Kentucky Jail Breaks Raise Political Hackles
By Fred Lucas, Special to Stateline
Earlier this month, Brian Keith Herron was charged with robbing three banks in Owensboro, Ky. days after being freed from prison. This could have been just another crime story, but it has become a key part of a broader political issue in Kentucky.
Herron, 24 who was previously serving a five year sentence after a conviction for driving a stolen car in 1997 was one of 567 non-violent felons released from prison in December under an executive order from Gov. Paul Patton. The inmate releases are an attempt to offset the state's $500 million revenue shortfall.
Just last week Patton released another 316 prisoners, and more releases are expected. The freed prisoners had up to 141 days left in their sentences.
Patton has said housing fewer nonviolent offenders could reduce costs by $6 million in fiscal year 2003 and by $11 million in fiscal year 2004. But the measure has drawn sharp criticism from both Republicans and Patton's fellow Democrats, who said the move is a threat to public safety and a drain on local governments.
County jails that house state inmates are paid $27.52 per day per inmate. So counties will have to adjust their budgets accordingly. Franklin County Jailer James Kemper said prisoners who were cited in his jail for drug use were still released under the state's mandate.
"It makes it more difficult to manage inmates if they find no sanctions for violating rules," Kemper said.
Kemper said there have already been two released inmates from other counties brought into his jail after they committed new crimes.
Lisa Carnahan, spokeswoman for the Kentucky Department of Corrections, said the state didn't have the number of inmates who were charged with another crime after being released.
Patton's order applies only to prisoners serving time for certain nonviolent Class D felonies the lowest level of felony under Kentucky law. Prisoners released included those convicted of burglary, theft, arson and drug possession. Offenders excluded in the early release include sex offenders, violent offenders and anyone charged with drunken driving.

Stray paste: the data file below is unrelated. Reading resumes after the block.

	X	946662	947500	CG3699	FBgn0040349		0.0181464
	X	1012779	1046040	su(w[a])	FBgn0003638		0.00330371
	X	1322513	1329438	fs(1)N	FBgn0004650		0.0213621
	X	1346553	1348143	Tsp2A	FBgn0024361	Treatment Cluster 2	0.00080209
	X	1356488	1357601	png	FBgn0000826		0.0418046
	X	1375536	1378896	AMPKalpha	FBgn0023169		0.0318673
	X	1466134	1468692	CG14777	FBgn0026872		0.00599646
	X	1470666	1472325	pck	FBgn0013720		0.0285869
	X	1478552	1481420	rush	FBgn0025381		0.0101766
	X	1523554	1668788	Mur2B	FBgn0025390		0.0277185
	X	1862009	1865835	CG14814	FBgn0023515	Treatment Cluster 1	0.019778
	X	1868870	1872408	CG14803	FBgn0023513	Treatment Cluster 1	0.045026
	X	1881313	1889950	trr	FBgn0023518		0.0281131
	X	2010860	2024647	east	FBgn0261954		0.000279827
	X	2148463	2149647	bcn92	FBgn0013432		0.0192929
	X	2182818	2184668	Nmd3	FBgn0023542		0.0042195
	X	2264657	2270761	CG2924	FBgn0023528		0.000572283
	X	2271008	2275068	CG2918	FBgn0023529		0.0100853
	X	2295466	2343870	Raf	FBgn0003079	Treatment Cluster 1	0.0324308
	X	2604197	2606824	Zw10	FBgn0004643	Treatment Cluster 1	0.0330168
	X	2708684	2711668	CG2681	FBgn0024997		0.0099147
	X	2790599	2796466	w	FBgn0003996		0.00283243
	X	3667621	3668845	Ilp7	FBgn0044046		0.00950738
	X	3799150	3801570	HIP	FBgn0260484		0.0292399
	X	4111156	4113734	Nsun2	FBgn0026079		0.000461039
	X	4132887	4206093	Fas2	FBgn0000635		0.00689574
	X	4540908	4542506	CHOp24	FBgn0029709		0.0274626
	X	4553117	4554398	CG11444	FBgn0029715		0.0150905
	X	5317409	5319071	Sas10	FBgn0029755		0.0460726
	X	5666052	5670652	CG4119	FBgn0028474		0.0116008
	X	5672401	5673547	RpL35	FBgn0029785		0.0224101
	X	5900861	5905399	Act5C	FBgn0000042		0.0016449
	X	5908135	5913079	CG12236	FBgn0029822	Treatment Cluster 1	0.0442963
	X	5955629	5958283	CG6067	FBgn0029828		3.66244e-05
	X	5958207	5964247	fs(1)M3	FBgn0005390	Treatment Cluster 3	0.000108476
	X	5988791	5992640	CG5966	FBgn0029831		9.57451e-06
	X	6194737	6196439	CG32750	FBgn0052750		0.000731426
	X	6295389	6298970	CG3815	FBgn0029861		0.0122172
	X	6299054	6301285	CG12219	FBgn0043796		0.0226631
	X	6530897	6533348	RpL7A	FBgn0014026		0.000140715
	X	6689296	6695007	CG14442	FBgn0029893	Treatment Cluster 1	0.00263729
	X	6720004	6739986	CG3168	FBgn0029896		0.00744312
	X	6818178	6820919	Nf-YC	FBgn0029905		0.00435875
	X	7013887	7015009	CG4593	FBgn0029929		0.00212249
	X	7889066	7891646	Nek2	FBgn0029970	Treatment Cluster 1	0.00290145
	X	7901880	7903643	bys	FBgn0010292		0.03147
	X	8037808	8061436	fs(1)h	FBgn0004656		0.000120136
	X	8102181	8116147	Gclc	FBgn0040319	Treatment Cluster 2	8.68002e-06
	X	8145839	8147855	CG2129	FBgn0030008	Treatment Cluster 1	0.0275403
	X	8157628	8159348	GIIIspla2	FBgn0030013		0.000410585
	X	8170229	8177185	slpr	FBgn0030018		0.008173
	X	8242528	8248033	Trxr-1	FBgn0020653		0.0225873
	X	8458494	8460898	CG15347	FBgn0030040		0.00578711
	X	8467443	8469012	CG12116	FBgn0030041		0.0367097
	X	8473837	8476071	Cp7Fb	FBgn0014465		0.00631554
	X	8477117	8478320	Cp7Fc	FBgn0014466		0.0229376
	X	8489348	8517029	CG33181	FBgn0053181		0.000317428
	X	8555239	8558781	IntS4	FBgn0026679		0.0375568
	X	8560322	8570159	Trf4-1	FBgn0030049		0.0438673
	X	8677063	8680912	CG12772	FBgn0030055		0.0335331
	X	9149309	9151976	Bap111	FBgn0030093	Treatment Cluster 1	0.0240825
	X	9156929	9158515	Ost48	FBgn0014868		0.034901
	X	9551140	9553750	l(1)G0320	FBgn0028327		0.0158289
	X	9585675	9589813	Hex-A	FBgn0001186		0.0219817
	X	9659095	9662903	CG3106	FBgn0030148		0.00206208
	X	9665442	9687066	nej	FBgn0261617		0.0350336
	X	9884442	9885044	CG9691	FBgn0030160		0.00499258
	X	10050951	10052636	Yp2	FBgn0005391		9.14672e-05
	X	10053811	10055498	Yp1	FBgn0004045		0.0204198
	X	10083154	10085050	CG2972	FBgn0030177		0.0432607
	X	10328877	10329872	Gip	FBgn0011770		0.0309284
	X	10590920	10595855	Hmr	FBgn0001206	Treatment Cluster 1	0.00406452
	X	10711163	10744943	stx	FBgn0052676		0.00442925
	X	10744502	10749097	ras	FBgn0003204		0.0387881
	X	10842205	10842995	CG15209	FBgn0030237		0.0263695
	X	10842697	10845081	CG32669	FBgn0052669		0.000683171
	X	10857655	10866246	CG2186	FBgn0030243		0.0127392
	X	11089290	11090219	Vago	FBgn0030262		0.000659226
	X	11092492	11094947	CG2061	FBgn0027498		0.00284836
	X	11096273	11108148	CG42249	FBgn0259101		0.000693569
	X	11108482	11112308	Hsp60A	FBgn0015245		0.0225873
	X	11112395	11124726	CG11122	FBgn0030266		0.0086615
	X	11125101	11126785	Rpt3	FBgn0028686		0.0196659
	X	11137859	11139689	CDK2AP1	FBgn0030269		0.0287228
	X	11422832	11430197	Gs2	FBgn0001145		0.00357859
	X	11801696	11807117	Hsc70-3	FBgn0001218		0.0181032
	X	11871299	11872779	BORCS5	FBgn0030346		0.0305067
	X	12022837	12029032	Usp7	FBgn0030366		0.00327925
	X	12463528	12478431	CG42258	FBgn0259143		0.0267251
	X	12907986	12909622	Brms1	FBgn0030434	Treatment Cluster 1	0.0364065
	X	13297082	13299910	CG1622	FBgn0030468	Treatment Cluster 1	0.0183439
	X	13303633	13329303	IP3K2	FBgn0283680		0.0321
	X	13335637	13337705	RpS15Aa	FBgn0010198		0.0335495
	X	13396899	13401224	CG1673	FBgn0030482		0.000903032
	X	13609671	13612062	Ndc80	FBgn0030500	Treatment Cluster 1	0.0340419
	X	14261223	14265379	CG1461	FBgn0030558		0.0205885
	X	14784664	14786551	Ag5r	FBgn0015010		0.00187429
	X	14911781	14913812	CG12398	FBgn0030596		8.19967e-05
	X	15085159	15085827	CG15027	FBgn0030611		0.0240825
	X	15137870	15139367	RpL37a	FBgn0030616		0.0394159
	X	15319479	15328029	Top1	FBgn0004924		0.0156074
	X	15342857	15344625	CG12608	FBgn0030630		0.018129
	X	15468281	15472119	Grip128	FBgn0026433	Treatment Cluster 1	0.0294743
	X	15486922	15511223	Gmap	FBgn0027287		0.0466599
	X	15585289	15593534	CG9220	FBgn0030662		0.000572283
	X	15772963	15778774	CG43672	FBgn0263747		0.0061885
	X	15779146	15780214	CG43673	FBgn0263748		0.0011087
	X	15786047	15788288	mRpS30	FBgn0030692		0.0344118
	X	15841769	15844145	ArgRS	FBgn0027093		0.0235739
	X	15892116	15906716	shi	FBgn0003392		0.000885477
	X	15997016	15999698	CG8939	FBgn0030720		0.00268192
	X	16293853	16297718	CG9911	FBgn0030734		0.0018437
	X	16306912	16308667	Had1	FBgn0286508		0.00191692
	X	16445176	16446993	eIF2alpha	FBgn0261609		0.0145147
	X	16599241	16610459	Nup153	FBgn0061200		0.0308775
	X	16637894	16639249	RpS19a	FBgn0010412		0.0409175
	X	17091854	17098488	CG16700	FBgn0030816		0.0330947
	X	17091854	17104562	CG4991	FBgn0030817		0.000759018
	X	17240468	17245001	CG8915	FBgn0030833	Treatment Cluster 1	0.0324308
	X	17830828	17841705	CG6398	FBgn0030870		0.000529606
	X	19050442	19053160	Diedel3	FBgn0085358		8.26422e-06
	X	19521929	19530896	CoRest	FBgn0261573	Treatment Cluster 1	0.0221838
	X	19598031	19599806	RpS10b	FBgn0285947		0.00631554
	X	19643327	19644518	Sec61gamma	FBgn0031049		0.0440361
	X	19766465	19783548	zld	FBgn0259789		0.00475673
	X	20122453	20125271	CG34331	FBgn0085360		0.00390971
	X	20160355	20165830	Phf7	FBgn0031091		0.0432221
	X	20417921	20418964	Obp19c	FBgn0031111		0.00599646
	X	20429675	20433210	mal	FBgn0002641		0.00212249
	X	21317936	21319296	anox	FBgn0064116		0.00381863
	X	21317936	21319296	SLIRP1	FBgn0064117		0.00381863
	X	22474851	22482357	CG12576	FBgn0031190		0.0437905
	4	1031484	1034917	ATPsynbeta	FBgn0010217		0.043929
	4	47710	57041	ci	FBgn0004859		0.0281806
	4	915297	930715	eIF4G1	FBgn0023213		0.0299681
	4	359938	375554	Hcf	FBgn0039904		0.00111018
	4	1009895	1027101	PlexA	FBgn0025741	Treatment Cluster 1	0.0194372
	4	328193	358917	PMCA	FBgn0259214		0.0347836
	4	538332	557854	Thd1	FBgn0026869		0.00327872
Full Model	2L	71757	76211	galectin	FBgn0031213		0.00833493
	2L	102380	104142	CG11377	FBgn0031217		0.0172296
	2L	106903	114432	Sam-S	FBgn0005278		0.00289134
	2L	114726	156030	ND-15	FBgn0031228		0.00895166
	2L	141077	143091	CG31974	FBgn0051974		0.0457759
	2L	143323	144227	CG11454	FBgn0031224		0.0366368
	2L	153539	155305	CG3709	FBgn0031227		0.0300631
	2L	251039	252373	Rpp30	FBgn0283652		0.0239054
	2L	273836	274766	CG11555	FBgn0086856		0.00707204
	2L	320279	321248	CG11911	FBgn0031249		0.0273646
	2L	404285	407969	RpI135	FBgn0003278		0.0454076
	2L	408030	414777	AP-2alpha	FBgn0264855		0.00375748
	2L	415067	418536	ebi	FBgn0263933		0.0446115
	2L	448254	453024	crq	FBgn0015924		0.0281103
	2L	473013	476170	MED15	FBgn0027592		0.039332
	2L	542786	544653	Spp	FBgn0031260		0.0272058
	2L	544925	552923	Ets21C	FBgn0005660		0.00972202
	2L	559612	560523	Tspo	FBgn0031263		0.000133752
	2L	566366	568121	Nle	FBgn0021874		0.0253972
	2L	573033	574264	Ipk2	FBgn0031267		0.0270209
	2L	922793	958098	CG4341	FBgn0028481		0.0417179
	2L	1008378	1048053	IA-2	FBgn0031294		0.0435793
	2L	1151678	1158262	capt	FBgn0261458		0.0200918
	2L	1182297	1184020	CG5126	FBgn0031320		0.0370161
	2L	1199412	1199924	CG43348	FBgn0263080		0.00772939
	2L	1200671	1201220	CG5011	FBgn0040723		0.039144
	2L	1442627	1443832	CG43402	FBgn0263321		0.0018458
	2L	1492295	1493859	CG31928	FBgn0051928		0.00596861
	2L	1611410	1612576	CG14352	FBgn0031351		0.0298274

Kentucky's correction's department isn't alone in trying to cut costs in the midst of a budget deficit by freeing prisoners. The New York Times reported Oklahoma, Montana, Arkansas and Texas are also releasing convicted felons early, while Iowa has laid off prison guards, and Ohio and Illinois are closing prisons.
"While we realize the financial burden this inmate reduction will cause to the counties, it's simply unavoidable at this time due to the state's financial condition," Patton said.
Under Patton's executive order, if an inmate is convicted and sentenced for a new felony offense, the number of days the offender was released in advance will be added to the time he or she is ordered to serve if convicted.
But it's not the only way of cutting costs, said state Sen. Robert Stivers, Republican chairman of the Senate Judiciary Committee.
"We spend $1.2 million on prisoners by paying them $1 per day (to do public service jobs)," Stivers said. "Instead of getting paid, they could get time credited as an incentive to do public works."
Stivers, and other Republicans, believe Patton's early release program is a ploy to justify raising state taxes on business, a proposal the governor made last week just days after announcing a new round of releases.
As Kentuckians prepare to elect a new governor in 2003, the two presumed party front runners have already weighed in on the early releases.
Republican U.S. Rep. Ernie Fletcher vowed, "Under a Fletcher administration, prisoners would not be released just to save a quick buck."
Fletcher pointed out that Illinois tried a similar release program in the early 1980s that immediately saved the state $60 million, but ultimately ended up costing $304 million because released inmates lapsed into criminal behavior.
"I don't believe that a get out of jail free card for convicted criminals is the right way to fix the complicated budget crisis in Kentucky," Fletcher said. "The Patton administration has made a very risky decision while placing our communities around the Commonwealth at risk."
Attorney General Ben Chandler, the leading contender for the Democratic nomination, went to court at the last minute on Friday, Jan. 17, to stop the release of the new round of inmates, but Franklin Circuit Judge William Graham rejected the motion because some inmates were already being set free. However, Graham said he would consider requests to halt the release of future inmates.
"When Gov. Patton proposed this idea, I stated that the amount of time a criminal spends in prison should be based on the crime committed and not on the balance in the state treasury," Chandler said. "Releasing prisoners on these grounds is simply not in the best interest of the public."-
Patton said he is open to suggestions if anyone has a better idea on how to save public dollars.
"Politicians who criticize our actions to our constitutional obligations, but offer no solution, compromise our ability to do what is best for all citizens of Kentucky," he said.